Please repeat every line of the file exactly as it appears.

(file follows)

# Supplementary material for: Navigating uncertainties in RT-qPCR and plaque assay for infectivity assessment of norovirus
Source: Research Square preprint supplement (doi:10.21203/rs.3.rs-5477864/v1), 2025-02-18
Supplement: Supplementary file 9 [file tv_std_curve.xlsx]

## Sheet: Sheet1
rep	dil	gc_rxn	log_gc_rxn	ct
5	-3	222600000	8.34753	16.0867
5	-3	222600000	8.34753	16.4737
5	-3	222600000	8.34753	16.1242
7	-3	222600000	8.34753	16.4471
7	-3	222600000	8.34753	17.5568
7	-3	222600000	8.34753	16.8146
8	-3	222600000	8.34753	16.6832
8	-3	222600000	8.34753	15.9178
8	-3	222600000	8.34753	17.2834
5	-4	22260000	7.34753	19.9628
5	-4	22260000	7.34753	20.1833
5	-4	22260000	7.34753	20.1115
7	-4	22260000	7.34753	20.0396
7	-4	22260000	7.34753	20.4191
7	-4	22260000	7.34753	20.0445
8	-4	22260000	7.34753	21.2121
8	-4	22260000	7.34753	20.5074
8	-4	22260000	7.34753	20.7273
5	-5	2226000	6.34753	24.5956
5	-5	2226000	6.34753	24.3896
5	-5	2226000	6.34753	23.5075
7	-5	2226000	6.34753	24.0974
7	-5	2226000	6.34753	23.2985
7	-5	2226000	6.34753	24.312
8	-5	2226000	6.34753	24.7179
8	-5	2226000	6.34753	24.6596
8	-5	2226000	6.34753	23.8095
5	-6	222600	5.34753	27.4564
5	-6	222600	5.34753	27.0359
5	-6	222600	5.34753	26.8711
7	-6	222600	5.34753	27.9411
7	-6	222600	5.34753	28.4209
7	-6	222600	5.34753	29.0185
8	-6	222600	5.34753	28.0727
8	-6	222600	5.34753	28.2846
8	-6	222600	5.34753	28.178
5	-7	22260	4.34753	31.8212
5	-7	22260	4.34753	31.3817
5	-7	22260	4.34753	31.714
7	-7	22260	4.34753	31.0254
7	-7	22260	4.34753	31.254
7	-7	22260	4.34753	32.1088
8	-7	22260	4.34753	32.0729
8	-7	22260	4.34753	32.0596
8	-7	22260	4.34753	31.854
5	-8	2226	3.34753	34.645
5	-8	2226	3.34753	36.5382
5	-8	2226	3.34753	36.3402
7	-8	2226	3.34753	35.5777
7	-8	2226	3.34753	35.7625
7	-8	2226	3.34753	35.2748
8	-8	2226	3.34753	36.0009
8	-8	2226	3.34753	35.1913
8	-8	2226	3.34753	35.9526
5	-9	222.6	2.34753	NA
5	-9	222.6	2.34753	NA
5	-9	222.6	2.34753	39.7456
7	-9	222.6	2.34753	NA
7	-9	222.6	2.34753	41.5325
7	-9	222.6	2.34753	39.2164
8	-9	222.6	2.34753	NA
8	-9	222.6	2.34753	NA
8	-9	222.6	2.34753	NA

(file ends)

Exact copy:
# Supplementary material for: Navigating uncertainties in RT-qPCR and plaque assay for infectivity assessment of norovirus
Source: Research Square preprint supplement (doi:10.21203/rs.3.rs-5477864/v1), 2025-02-18
Supplement: Supplementary file 9 [file tv_std_curve.xlsx]

## Sheet: Sheet1
rep	dil	gc_rxn	log_gc_rxn	ct
5	-3	222600000	8.34753	16.0867
5	-3	222600000	8.34753	16.4737
5	-3	222600000	8.34753	16.1242
7	-3	222600000	8.34753	16.4471
7	-3	222600000	8.34753	17.5568
7	-3	222600000	8.34753	16.8146
8	-3	222600000	8.34753	16.6832
8	-3	222600000	8.34753	15.9178
8	-3	222600000	8.34753	17.2834
5	-4	22260000	7.34753	19.9628
5	-4	22260000	7.34753	20.1833
5	-4	22260000	7.34753	20.1115
7	-4	22260000	7.34753	20.0396
7	-4	22260000	7.34753	20.4191
7	-4	22260000	7.34753	20.0445
8	-4	22260000	7.34753	21.2121
8	-4	22260000	7.34753	20.5074
8	-4	22260000	7.34753	20.7273
5	-5	2226000	6.34753	24.5956
5	-5	2226000	6.34753	24.3896
5	-5	2226000	6.34753	23.5075
7	-5	2226000	6.34753	24.0974
7	-5	2226000	6.34753	23.2985
7	-5	2226000	6.34753	24.312
8	-5	2226000	6.34753	24.7179
8	-5	2226000	6.34753	24.6596
8	-5	2226000	6.34753	23.8095
5	-6	222600	5.34753	27.4564
5	-6	222600	5.34753	27.0359
5	-6	222600	5.34753	26.8711
7	-6	222600	5.34753	27.9411
7	-6	222600	5.34753	28.4209
7	-6	222600	5.34753	29.0185
8	-6	222600	5.34753	28.0727
8	-6	222600	5.34753	28.2846
8	-6	222600	5.34753	28.178
5	-7	22260	4.34753	31.8212
5	-7	22260	4.34753	31.3817
5	-7	22260	4.34753	31.714
7	-7	22260	4.34753	31.0254
7	-7	22260	4.34753	31.254
7	-7	22260	4.34753	32.1088
8	-7	22260	4.34753	32.0729
8	-7	22260	4.34753	32.0596
8	-7	22260	4.34753	31.854
5	-8	2226	3.34753	34.645
5	-8	2226	3.34753	36.5382
5	-8	2226	3.34753	36.3402
7	-8	2226	3.34753	35.5777
7	-8	2226	3.34753	35.7625
7	-8	2226	3.34753	35.2748
8	-8	2226	3.34753	36.0009
8	-8	2226	3.34753	35.1913
8	-8	2226	3.34753	35.9526
5	-9	222.6	2.34753	NA
5	-9	222.6	2.34753	NA
5	-9	222.6	2.34753	39.7456
7	-9	222.6	2.34753	NA
7	-9	222.6	2.34753	41.5325
7	-9	222.6	2.34753	39.2164
8	-9	222.6	2.34753	NA
8	-9	222.6	2.34753	NA
8	-9	222.6	2.34753	NA